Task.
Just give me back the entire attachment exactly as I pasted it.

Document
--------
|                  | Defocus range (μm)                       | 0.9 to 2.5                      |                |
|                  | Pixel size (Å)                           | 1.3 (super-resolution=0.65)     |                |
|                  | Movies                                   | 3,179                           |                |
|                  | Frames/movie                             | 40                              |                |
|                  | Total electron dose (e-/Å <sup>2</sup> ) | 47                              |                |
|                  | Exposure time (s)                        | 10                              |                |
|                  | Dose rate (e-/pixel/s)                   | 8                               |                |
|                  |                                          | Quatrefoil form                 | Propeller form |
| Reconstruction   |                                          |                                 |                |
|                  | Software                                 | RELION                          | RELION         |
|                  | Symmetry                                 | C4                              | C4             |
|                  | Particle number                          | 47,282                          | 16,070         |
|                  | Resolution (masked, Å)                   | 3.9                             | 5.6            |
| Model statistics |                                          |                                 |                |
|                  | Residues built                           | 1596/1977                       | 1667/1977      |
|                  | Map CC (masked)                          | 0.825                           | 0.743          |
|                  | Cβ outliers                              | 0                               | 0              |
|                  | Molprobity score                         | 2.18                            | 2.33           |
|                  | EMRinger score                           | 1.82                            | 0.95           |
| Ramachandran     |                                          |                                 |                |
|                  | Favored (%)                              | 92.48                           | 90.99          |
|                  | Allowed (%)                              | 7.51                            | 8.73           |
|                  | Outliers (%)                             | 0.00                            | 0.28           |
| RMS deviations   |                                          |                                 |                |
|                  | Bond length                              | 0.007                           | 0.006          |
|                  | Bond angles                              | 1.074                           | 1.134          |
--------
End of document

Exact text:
|                  | Defocus range (μm)                       | 0.9 to 2.5                      |                |
|                  | Pixel size (Å)                           | 1.3 (super-resolution=0.65)     |                |
|                  | Movies                                   | 3,179                           |                |
|                  | Frames/movie                             | 40                              |                |
|                  | Total electron dose (e-/Å <sup>2</sup> ) | 47                              |                |
|                  | Exposure time (s)                        | 10                              |                |
|                  | Dose rate (e-/pixel/s)                   | 8                               |                |
|                  |                                          | Quatrefoil form                 | Propeller form |
| Reconstruction   |                                          |                                 |                |
|                  | Software                                 | RELION                          | RELION         |
|                  | Symmetry                                 | C4                              | C4             |
|                  | Particle number                          | 47,282                          | 16,070         |
|                  | Resolution (masked, Å)                   | 3.9                             | 5.6            |
| Model statistics |                                          |                                 |                |
|                  | Residues built                           | 1596/1977                       | 1667/1977      |
|                  | Map CC (masked)                          | 0.825                           | 0.743          |
|                  | Cβ outliers                              | 0                               | 0              |
|                  | Molprobity score                         | 2.18                            | 2.33           |
|                  | EMRinger score                           | 1.82                            | 0.95           |
| Ramachandran     |                                          |                                 |                |
|                  | Favored (%)                              | 92.48                           | 90.99          |
|                  | Allowed (%)                              | 7.51                            | 8.73           |
|                  | Outliers (%)                             | 0.00                            | 0.28           |
| RMS deviations   |                                          |                                 |                |
|                  | Bond length                              | 0.007                           | 0.006          |
|                  | Bond angles                              | 1.074                           | 1.134          |